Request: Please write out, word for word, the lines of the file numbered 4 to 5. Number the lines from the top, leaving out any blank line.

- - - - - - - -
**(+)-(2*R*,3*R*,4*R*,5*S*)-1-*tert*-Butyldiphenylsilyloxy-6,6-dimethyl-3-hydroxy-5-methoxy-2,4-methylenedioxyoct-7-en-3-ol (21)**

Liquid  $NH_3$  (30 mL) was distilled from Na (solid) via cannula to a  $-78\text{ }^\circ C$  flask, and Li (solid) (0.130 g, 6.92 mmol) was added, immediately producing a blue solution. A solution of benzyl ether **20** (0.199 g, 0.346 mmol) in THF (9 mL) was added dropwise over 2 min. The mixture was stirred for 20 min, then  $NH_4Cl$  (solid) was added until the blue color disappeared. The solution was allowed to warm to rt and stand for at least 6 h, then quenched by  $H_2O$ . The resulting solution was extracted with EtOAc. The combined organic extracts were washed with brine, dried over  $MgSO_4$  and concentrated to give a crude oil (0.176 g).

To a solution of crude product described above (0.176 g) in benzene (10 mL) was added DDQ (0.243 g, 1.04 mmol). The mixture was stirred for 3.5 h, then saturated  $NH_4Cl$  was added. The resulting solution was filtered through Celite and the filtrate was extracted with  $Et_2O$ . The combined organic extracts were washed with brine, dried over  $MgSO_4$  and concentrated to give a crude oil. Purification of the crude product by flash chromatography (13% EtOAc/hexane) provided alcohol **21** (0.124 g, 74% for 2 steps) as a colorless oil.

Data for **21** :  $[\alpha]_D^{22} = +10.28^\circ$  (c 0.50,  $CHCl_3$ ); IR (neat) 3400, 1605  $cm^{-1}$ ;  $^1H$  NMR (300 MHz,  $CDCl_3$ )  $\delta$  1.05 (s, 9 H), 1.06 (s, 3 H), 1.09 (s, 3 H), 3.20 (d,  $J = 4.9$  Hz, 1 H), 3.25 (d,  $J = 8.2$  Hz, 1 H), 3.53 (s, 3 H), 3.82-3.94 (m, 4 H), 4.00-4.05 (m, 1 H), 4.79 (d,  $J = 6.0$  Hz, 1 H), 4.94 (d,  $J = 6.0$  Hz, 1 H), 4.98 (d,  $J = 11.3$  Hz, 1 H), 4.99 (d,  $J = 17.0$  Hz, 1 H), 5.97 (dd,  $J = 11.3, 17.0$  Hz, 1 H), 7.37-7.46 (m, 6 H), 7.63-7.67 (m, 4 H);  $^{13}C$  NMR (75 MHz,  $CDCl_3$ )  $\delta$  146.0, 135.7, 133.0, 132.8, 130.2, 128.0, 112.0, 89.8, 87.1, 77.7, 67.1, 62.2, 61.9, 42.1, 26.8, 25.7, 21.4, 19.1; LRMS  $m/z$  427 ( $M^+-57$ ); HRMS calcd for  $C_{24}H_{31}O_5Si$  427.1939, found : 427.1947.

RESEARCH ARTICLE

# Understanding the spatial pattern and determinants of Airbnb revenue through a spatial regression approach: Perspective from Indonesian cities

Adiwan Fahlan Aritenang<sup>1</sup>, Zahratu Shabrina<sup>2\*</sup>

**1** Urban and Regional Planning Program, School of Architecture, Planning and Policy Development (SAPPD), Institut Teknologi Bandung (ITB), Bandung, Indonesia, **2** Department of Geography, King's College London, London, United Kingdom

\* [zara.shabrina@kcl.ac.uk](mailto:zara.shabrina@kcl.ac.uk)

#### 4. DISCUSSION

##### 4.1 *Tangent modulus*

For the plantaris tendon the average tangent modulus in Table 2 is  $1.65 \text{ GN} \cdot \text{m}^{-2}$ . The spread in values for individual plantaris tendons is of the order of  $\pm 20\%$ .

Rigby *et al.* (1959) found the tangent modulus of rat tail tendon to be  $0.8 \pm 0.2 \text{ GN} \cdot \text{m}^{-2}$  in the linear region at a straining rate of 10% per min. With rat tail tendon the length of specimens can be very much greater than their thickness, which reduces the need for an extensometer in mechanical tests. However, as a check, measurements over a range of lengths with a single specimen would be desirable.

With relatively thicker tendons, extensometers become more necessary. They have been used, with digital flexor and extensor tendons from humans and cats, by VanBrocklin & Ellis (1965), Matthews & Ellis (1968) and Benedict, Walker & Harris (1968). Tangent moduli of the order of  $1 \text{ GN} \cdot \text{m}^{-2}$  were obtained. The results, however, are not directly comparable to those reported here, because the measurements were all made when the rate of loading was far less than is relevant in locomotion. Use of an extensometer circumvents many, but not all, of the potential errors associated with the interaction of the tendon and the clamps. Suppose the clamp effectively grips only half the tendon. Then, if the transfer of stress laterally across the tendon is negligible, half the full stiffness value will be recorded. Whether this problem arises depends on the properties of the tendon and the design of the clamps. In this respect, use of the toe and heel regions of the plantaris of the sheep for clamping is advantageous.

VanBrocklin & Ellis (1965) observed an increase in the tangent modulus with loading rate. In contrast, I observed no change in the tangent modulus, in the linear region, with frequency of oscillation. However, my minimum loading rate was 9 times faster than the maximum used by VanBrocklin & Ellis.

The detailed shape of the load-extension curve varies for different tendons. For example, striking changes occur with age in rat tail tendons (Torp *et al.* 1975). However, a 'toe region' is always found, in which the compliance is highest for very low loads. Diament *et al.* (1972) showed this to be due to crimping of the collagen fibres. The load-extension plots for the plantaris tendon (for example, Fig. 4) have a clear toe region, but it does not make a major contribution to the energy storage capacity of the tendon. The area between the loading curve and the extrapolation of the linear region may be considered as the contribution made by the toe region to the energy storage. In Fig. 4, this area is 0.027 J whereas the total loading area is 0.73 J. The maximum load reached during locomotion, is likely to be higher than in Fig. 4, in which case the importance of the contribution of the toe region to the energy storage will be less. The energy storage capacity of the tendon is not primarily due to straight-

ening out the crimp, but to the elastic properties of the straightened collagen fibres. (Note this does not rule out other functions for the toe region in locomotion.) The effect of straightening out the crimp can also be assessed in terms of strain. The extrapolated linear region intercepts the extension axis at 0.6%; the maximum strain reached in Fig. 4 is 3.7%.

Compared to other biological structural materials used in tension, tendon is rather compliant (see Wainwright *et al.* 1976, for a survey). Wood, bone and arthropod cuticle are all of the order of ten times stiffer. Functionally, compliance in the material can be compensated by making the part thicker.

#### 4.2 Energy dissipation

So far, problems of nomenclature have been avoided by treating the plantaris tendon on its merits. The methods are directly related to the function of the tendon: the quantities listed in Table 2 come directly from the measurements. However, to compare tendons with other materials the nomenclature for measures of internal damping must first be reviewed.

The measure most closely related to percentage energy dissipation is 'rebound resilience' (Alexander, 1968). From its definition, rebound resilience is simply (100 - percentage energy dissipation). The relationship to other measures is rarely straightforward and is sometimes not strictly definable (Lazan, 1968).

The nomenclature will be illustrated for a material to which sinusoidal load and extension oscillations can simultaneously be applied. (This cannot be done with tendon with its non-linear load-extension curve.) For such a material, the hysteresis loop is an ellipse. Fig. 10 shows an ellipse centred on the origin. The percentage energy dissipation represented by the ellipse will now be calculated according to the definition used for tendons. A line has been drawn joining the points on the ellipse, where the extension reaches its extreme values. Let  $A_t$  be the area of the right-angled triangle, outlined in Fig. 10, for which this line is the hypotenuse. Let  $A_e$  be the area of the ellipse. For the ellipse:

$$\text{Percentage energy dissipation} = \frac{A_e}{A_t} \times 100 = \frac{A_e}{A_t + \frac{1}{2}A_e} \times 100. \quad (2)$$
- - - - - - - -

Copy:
Data for **21** :  $[\alpha]_D^{22} = +10.28^\circ$  (c 0.50,  $CHCl_3$ ); IR (neat) 3400, 1605  $cm^{-1}$ ;  $^1H$  NMR (300 MHz,  $CDCl_3$ )  $\delta$  1.05 (s, 9 H), 1.06 (s, 3 H), 1.09 (s, 3 H), 3.20 (d,  $J = 4.9$  Hz, 1 H), 3.25 (d,  $J = 8.2$  Hz, 1 H), 3.53 (s, 3 H), 3.82-3.94 (m, 4 H), 4.00-4.05 (m, 1 H), 4.79 (d,  $J = 6.0$  Hz, 1 H), 4.94 (d,  $J = 6.0$  Hz, 1 H), 4.98 (d,  $J = 11.3$  Hz, 1 H), 4.99 (d,  $J = 17.0$  Hz, 1 H), 5.97 (dd,  $J = 11.3, 17.0$  Hz, 1 H), 7.37-7.46 (m, 6 H), 7.63-7.67 (m, 4 H);  $^{13}C$  NMR (75 MHz,  $CDCl_3$ )  $\delta$  146.0, 135.7, 133.0, 132.8, 130.2, 128.0, 112.0, 89.8, 87.1, 77.7, 67.1, 62.2, 61.9, 42.1, 26.8, 25.7, 21.4, 19.1; LRMS  $m/z$  427 ( $M^+-57$ ); HRMS calcd for  $C_{24}H_{31}O_5Si$  427.1939, found : 427.1947.

RESEARCH ARTICLE